Harassment on Parliament Hill: 6 unanswered questions

One of the alleged incidents of harassment linked to Justin Trudeau's sudden decision to suspend two of his MPs for "personal misconduct" happened on Parliament Hill about a year ago, CBC News has learned.

'Personal misconduct' suspensions lead to questions about how process unfolded

Quebec MP Massimo Pacetti and Newfoundland and Labrador MP Scott Andrews were kicked out of the Liberal caucus on Wednesday after harassment allegations surfaced against them. Both deny the allegations. (Adrian Wyld/Canadian Press)

One of the alleged incidents of harassment linked to Justin Trudeau's sudden decision to suspend two of his MPs for "personal misconduct" happened on Parliament Hill about a year ago, CBC News has learned.

Although more information has come out about the nature of the allegations and how they became public, questions remain.​ Here's what we know:

1. Who made the allegations?

Two sitting female MPs from the NDP caucus allege they were harassed. How? We don't know.

One of the MPs approached Liberal Leader Justin Trudeau directly, kicking off a chain of events that eventually saw the person in charge of caucus discipline, Liberal whip Judy Foote, reach out to the two women as well as her NDP counterpart, Nycole Turmel. Both whips met together with the women, and Foote met with the two MPs who were eventually suspended, Scott Andrews and Massimo Pacetti.

It's unclear how many other people were aware of the incidents, but CBC News has learned that both NDP MPs reported the incidents to staff — one to senior staff and one to Turmel. Both refused to go public or formalize their complaints.

Newfoundland and Labrador Liberal MP Scott Simms told CBC News on Thursday that he knew about one of the allegations, but was asked not to say anything. Those involved may have reached out to other colleagues on a confidential basis.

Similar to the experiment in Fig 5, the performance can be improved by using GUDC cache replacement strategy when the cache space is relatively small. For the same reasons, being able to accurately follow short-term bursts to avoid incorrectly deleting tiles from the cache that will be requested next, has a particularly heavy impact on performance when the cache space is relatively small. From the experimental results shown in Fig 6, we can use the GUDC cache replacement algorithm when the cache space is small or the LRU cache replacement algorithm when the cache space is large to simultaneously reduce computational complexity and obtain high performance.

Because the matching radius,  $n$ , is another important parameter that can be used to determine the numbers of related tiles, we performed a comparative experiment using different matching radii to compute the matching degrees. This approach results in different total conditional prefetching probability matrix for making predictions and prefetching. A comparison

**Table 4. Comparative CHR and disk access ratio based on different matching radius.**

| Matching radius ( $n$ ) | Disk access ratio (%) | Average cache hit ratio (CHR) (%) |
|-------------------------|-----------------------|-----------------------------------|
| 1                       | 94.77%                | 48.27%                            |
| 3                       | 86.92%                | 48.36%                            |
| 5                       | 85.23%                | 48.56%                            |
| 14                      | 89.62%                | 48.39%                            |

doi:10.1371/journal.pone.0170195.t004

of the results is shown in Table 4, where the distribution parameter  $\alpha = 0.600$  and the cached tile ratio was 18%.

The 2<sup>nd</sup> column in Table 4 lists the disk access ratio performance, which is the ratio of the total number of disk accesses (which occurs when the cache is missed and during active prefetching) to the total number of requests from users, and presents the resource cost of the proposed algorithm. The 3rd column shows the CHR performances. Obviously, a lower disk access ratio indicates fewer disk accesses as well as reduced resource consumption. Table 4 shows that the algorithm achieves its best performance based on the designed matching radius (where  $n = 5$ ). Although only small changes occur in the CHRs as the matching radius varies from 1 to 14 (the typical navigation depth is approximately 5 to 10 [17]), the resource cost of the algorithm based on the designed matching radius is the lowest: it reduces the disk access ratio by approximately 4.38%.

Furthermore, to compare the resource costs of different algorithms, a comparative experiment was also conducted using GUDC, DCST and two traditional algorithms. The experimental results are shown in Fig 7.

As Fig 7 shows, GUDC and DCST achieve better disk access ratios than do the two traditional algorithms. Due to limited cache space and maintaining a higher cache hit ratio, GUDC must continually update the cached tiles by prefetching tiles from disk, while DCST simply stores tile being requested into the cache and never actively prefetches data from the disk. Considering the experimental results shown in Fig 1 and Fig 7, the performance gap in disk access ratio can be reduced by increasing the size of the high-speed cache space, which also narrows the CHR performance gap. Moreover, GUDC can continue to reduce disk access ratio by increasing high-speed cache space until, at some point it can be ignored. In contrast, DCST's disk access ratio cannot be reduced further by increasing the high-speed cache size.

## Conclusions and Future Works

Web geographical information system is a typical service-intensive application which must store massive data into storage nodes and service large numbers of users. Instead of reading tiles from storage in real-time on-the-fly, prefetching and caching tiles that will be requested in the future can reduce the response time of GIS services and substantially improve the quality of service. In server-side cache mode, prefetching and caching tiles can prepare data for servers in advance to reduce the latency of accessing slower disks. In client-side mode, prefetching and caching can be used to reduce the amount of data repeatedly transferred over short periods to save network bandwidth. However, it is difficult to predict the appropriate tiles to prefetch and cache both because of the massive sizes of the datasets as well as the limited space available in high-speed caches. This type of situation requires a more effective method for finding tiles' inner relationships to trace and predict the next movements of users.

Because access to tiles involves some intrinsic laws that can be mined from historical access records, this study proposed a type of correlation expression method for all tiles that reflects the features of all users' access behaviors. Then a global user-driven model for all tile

Are there witnesses? We don't know. We don't know if others have been, or will be, contacted to substantiate or provide evidence. We haven't been told if the harassment happened in a public place, at an event or behind closed doors.

We do know the incidents are separate. We also know one of the alleged incidents occurred on Parliament Hill and that it took place about a year ago. 

At this time, we have no information to suggest the two incidents were similar.

2. Why can't we know who made the allegations? 

The short answer is: the women don't want to go public.

Some New Democrats were upset Wednesday when the Liberals disclosed that the allegations came from MPs from another party, potentially compromising their confidentiality.

"My main concern," NDP Leader Tom Mulcair told reporters Thursday, "was to listen to the people who had come forward to us, make sure that we respected their wishes — and their wish was not to be re-victimized, to make sure that what they were telling us was confidential and we respected that."

Media reports have so far not disclosed the names. At least one news organization, however, claims to know who the female complainants are but has not published the names.

It's impossible to assess many things — motives, context, consequences — without knowing who was harassed.

3. How serious are the allegations?

Trudeau called the "personal misconduct" allegations "serious," but for now, we have to take his word — together with the judgment of whips Foote and Turmel — that what the women allege warrants suspension.

CBC News has also learned that one MP has made allegations of a more serious nature than the other.